Film: Tool for Socio-cultural Integration and Tourism Promotion

by Odimegwu Onwumere

Film, as the word implies, is defined as a thin sheet or strip of flexible
material, such as a cellulose derivative or a thermoplastic resin, coated
with a photosensitive emulsion and used to make photographic negatives or
transparencies. In an online report, rom the Old English filmen in the
Indo-European roots, it is believed among them that one indication of the
gulf between them and their Victorian predecessors is that the “Oxford
English Dictionary” fascicle containing the word “film, “published in 1896,
does not have the sense “a motion picture.” The one hint of the future to
be found among still familiar older senses of the word, such as “a thin
skin or membranous coating” or “an abnormal thin coating on the cornea,” is
the sense of “film” used in photography, a sense referring to a coating of
material, such as gelatin, that could substitute for a photographic
plate or be used on a plate or on photographic paper. Thus a word that has
been with them since Old English times took on this new use, first recorded
in 1845, which has since developed and now refers to an art form, a sense
first recorded in 1920. Thereafter, often used in the plural, movies became
a sequence of photographs projected onto a screen with sufficient rapidity
as to create the illusion of motion and continuity.

However, on the theme of “Film as a Tool for Socio-cultural Integration and
Tourism Promotion, “it is imperative to say that Africans, precisely the
present day people called Nigerians, didn’t know what” film” was till when
in 1903 the first film was shown at Glover Hall, Lagos; and thereafter in
1904, the first “film “titled “Palaver “was shot in Jos, in the present
day Plateau State. Before these events took place, Nigerians were enmeshed
in folklores, according to the myths of their different ethnic
groups before they were amalgamated in 1914, by Sir Lord Luggard. Aftermath
of “Palaver”, film-showing and cinema-going was politicized by the British
and American exploiters. Through their makeshift cinema vehicles, they
inculcated the much sorted socio-cultural integration and tourism
promotion. This polarization of “film-showing” and “film-going” was
sustained through a platform called “Colonial Film Unit”.

In the recent times, Nigerian films have been produced since the 1960s. It
is on record that the rise of affordable digital filming and editing
technologies has stimulated the country’s video film industry. Later in the
1990s, the movie industry in Nigeria tremendously progressed. Today,
Nigeria has the second largest film industry in the world, and rated
largest in the Africa’s movie industry – in terms of the value of the movie
industry and the number of annual film production. In this regard, “film” in
Nigeria has brought dividends of eco-political empowerment, socio-cultural
integration and tourism promotion. Nigeria’s “annual film production” is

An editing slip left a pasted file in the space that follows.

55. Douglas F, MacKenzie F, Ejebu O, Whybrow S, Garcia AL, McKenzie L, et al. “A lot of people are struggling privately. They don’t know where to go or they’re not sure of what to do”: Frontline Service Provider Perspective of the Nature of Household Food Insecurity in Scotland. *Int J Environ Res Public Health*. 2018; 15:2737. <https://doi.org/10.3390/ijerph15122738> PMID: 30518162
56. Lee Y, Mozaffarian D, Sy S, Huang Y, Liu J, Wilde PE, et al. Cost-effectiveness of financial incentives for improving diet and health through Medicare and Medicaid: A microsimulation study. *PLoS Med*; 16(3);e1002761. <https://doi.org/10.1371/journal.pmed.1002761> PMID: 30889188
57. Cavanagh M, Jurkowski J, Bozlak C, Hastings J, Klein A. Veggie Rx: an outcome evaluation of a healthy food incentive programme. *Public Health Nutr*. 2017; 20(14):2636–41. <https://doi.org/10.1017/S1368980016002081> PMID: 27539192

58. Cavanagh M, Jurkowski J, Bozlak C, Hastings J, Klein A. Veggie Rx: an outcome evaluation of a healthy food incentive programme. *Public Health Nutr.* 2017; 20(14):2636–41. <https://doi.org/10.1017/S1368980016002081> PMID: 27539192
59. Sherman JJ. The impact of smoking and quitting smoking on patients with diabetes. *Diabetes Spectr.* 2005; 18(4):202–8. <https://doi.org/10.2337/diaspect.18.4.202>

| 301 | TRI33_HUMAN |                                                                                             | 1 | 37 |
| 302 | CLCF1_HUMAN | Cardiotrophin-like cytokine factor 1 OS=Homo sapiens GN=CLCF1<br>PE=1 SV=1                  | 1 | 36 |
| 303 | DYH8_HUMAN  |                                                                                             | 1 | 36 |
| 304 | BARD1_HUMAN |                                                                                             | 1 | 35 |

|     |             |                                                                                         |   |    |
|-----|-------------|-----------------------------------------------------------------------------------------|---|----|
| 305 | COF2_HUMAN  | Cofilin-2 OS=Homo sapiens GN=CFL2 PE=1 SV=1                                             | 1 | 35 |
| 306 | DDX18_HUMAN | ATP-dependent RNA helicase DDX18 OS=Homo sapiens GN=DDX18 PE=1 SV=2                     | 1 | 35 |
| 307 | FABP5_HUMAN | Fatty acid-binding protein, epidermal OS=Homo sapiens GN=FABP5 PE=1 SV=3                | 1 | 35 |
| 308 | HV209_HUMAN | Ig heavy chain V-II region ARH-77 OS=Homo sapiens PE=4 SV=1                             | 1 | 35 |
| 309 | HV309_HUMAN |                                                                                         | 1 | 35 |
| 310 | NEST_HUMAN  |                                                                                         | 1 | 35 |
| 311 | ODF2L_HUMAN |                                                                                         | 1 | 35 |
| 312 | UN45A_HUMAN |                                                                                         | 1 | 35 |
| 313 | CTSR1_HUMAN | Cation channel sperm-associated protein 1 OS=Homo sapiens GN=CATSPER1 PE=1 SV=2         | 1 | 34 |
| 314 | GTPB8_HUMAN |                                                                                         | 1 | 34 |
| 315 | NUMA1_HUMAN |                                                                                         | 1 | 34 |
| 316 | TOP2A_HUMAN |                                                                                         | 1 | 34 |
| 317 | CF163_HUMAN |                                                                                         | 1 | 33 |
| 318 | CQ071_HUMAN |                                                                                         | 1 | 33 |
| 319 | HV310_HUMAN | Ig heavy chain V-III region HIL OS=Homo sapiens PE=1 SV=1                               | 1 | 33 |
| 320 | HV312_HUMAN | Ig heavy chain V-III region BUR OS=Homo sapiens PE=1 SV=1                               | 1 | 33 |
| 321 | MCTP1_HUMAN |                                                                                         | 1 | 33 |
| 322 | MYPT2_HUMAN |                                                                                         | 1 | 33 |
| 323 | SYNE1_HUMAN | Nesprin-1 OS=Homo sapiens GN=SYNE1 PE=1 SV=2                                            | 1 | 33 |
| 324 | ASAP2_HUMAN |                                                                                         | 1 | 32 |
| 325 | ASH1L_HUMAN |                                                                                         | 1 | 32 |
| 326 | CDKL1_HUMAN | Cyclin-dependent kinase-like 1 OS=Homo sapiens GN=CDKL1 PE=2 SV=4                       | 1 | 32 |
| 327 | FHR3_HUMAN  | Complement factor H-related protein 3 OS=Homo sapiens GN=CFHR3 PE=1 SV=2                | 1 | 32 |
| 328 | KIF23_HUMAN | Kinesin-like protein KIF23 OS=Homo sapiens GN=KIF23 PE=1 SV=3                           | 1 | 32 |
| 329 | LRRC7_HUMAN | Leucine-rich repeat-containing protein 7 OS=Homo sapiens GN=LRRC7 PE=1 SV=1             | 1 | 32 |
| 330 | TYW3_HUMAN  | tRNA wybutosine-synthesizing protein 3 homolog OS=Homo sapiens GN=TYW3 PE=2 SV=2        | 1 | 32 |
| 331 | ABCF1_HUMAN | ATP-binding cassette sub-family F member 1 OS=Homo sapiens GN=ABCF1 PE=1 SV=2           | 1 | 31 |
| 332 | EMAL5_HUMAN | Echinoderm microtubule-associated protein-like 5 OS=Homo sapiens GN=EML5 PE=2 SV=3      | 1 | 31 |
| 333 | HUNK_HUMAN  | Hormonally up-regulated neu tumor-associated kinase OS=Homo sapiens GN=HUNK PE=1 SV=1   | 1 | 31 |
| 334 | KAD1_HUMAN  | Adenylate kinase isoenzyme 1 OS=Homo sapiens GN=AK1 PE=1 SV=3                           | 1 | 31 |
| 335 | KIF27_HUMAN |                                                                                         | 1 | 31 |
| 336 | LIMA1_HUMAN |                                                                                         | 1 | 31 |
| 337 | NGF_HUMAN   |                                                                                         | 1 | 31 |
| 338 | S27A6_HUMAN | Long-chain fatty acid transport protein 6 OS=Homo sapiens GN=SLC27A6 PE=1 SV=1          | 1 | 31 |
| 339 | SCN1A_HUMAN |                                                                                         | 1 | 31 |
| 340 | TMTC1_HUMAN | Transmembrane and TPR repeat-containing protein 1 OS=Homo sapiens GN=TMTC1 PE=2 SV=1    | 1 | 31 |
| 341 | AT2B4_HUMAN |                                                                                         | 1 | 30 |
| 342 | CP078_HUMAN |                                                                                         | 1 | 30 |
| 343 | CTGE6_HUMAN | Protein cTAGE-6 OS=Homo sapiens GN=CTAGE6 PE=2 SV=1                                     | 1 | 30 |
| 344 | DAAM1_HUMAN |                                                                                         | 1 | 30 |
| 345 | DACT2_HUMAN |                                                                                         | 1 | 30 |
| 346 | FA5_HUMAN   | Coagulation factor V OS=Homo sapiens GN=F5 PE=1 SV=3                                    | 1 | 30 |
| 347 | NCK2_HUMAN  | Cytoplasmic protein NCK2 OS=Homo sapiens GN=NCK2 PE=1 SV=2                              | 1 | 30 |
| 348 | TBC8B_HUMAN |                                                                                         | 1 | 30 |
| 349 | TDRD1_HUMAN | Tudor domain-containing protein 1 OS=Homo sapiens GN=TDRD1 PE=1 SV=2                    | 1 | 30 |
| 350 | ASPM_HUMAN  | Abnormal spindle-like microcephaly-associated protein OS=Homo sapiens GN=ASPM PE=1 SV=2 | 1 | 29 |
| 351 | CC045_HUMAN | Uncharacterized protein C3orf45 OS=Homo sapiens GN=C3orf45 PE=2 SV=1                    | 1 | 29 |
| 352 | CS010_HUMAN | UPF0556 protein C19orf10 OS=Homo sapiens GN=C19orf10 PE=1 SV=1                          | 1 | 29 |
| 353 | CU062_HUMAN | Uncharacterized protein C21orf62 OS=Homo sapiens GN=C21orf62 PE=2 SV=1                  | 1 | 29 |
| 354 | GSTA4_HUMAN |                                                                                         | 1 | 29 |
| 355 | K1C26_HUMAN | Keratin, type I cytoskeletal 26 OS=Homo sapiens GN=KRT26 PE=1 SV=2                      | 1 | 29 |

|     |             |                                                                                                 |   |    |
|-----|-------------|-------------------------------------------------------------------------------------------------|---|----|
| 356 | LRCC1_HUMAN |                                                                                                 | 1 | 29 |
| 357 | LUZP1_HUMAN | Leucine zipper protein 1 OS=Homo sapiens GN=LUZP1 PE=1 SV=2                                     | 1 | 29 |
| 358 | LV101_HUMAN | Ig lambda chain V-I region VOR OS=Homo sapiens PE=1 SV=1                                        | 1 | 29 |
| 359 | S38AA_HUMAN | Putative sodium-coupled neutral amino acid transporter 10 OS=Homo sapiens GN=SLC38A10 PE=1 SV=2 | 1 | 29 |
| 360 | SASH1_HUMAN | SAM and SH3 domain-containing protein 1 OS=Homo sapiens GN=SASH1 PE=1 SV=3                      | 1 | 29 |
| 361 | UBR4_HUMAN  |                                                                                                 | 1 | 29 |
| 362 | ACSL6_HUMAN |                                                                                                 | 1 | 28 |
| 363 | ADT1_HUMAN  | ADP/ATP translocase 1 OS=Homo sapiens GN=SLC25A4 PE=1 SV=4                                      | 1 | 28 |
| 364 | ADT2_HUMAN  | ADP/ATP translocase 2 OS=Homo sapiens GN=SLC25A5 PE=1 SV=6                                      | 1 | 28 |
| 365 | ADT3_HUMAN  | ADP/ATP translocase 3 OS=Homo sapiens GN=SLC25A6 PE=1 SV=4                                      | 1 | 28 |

ahead of the United States but behind the Indian film industries. This was
why Hala Gorani and Jeff Koinange, who were formerly of the Cable News
Network (CNN) said, Nigeria has a US$250 million movie industry, churning
out some 200 videos for the home video, market monthly.

In his Keynote Address at the 2nd National Film Festival, 27th November,
2003, titled, “In Defence of the Films We Have Made”, Odia Ofeimun, a
radical Nigerian poet/author, said that film does represent a deep
psychological implant pressed into place by so many untold and even
unspeakable events in our history. It looks like an underdeveloped prong of
the collective mind of a whole nation. But it is actually the result of a
deliberate scrambling of categories and genre for the sake of effect in a
society where the truth of history is still being told unnecessarily in
whispers. Arguably, in western scholarship, such a fare of screen
narratives would be appreciated as a special category. In literature,
critics of African literature have moved from talking about magical
realism, as Latin Americans pursue it, to what our South African-based
critic, Harry Garuba, has called “animist realism”.

In the said 1960s, the Nigerian films were dominated by the people from
Yoruba ethnic group, thereby giving the people of that region an edge to
showcase their culture. And they were manned by Hubert Ogunde, Duro Ladipo,
Kola Ogunmola, Moses Olaiya (Baba Sala), Ola Balogun and others, whom
Ofeimun, described as, “tough-minded denizens of folk drama. “These
indigenous Nigerian film pioneers were frustrated by high cost of film
production, but they were never discouraged owing to the cultural ties and
tourism they were integrating Nigerians through their films. It was as a
result of the unrelenting spirit of these film-dudes that television
broadcasting in Nigeria, which began in 1960s, received much government
support in its early years; and every state had its own broadcasting
station by the mid-1980s. It was the efforts of these Nigerian film-dudes
that the government law moderated foreign television content to enable the
Nigerian film producers showcase their products. As a result, producers in
Lagos began televising local popular theater productions, which are not far
from the films of the persons mentioned above for Nigeria’s socio-cultural
integration and tourism promotion. Many of that were circulated on video as
well, and a small scale informal video movie trade developed.